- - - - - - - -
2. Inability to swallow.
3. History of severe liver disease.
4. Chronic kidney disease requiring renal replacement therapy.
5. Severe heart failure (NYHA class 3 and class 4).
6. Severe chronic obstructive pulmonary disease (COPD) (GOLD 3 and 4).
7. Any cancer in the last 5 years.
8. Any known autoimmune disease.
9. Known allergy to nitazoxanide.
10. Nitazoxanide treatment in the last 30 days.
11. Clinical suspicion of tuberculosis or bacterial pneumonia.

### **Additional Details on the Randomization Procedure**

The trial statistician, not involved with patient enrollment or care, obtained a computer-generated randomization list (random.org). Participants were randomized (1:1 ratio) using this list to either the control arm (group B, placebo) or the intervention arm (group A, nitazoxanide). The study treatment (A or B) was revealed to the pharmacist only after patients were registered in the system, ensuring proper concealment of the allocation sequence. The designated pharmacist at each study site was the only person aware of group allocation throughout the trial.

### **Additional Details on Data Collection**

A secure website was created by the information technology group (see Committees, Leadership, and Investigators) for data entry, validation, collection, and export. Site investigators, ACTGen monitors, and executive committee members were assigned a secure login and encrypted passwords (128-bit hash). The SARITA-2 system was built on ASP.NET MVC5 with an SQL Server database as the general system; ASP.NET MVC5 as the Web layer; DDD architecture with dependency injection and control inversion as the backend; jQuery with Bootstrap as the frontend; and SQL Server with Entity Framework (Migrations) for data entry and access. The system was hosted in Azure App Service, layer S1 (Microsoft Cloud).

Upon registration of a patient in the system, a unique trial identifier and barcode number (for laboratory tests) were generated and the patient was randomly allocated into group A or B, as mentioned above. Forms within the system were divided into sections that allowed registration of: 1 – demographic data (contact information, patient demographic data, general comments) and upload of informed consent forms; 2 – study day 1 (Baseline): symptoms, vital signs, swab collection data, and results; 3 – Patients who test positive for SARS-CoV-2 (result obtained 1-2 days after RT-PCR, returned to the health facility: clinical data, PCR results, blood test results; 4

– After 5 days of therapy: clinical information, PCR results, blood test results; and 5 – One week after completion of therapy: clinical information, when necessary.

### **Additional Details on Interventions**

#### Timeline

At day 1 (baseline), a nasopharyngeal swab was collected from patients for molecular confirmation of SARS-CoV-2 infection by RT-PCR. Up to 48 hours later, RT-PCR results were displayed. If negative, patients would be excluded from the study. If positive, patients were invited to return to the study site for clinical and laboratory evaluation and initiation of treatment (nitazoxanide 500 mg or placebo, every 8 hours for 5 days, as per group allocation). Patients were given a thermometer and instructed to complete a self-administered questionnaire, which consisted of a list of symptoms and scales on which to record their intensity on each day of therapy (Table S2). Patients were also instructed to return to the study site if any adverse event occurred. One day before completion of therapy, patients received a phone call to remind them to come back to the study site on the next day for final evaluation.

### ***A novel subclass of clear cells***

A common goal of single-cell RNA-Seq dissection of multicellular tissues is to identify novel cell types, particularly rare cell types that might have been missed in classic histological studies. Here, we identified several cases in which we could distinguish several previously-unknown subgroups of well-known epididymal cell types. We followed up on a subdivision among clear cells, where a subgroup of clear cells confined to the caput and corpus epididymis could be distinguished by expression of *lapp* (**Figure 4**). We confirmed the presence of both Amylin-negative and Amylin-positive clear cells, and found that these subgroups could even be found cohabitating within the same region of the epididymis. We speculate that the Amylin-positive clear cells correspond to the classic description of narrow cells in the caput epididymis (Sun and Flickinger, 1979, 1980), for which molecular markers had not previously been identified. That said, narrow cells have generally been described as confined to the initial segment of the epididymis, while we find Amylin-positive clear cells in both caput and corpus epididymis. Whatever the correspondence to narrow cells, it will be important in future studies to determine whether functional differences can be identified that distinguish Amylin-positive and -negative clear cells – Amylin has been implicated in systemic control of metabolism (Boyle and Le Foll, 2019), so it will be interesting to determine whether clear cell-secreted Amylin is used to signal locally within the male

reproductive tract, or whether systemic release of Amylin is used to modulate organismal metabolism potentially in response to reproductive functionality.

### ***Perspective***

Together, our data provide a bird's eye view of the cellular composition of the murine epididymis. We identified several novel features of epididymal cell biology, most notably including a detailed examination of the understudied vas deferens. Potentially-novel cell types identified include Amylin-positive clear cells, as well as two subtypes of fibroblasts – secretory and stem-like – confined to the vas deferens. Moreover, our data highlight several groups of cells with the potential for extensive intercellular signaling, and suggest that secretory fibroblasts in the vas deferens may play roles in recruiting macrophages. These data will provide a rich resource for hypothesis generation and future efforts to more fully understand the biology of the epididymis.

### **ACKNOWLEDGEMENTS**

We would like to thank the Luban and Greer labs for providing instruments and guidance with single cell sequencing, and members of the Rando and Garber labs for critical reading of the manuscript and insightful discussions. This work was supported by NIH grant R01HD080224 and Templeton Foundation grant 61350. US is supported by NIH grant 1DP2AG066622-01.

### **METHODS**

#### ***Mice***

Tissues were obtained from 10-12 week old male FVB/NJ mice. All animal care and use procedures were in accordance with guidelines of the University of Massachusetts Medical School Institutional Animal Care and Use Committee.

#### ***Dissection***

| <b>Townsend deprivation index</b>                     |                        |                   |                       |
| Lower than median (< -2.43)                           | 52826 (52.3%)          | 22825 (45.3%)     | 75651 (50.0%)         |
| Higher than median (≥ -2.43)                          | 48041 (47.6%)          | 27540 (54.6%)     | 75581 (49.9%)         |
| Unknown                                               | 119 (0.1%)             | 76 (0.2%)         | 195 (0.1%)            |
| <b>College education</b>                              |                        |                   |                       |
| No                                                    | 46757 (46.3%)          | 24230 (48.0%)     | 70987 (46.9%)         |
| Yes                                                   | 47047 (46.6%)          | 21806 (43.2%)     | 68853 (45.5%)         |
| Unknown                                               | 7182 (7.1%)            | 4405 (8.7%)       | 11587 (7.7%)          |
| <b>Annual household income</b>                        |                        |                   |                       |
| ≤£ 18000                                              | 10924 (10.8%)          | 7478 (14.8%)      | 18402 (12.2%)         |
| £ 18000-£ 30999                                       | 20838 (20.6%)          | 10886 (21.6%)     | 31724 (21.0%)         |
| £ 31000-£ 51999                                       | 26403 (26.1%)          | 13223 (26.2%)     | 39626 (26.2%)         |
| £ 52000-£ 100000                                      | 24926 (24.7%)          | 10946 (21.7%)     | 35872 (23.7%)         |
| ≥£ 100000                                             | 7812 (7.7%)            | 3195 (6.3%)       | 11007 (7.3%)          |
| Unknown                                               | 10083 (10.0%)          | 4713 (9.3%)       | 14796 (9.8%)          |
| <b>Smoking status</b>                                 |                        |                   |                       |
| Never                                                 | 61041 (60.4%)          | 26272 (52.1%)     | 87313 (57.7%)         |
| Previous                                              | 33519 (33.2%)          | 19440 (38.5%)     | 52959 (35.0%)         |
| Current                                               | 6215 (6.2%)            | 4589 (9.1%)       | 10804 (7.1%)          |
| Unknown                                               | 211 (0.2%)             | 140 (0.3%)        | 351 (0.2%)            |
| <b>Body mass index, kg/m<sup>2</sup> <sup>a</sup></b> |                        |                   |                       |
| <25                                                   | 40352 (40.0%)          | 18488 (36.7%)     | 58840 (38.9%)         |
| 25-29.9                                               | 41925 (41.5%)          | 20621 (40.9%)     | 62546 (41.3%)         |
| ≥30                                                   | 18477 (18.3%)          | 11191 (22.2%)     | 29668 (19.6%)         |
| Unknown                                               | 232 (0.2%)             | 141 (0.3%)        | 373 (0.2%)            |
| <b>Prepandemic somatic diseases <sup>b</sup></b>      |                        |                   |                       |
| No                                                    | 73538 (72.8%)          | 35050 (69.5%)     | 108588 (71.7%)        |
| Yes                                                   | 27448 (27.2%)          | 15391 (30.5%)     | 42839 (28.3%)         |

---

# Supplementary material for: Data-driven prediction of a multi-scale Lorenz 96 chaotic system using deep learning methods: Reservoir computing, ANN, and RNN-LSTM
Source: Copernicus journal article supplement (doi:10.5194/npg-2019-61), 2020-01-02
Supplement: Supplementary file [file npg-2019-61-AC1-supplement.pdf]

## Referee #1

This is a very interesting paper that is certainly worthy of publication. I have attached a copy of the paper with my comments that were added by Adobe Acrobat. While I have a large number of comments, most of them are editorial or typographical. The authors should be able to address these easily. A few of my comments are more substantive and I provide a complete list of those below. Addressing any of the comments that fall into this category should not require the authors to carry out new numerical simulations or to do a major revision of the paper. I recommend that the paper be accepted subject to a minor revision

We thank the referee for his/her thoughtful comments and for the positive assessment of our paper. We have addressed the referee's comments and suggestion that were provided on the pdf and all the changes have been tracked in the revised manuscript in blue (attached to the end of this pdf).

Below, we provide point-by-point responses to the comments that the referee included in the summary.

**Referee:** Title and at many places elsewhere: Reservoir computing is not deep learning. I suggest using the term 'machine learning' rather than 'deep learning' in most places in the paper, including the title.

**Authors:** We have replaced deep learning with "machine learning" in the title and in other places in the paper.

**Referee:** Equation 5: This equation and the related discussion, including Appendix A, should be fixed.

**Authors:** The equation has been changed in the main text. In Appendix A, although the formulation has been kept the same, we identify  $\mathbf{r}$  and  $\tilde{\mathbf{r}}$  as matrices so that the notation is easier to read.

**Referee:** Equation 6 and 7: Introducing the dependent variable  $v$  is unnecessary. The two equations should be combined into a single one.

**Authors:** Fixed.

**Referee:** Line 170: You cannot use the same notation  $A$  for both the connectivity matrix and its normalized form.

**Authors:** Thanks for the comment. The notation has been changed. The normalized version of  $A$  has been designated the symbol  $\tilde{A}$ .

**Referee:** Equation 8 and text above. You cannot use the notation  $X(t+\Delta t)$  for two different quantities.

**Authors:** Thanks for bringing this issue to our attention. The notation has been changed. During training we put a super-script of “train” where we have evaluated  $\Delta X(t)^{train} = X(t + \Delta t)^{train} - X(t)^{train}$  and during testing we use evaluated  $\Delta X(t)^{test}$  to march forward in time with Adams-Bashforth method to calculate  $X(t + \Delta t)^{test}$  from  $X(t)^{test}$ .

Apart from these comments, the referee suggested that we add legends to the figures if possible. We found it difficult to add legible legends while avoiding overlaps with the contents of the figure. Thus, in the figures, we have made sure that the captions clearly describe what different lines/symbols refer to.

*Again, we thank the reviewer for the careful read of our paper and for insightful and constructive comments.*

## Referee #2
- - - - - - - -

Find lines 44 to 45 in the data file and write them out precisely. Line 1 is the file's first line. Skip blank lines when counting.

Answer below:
| ≥£ 100000                                             | 7812 (7.7%)            | 3195 (6.3%)       | 11007 (7.3%)          |
| Unknown                                               | 10083 (10.0%)          | 4713 (9.3%)       | 14796 (9.8%)          |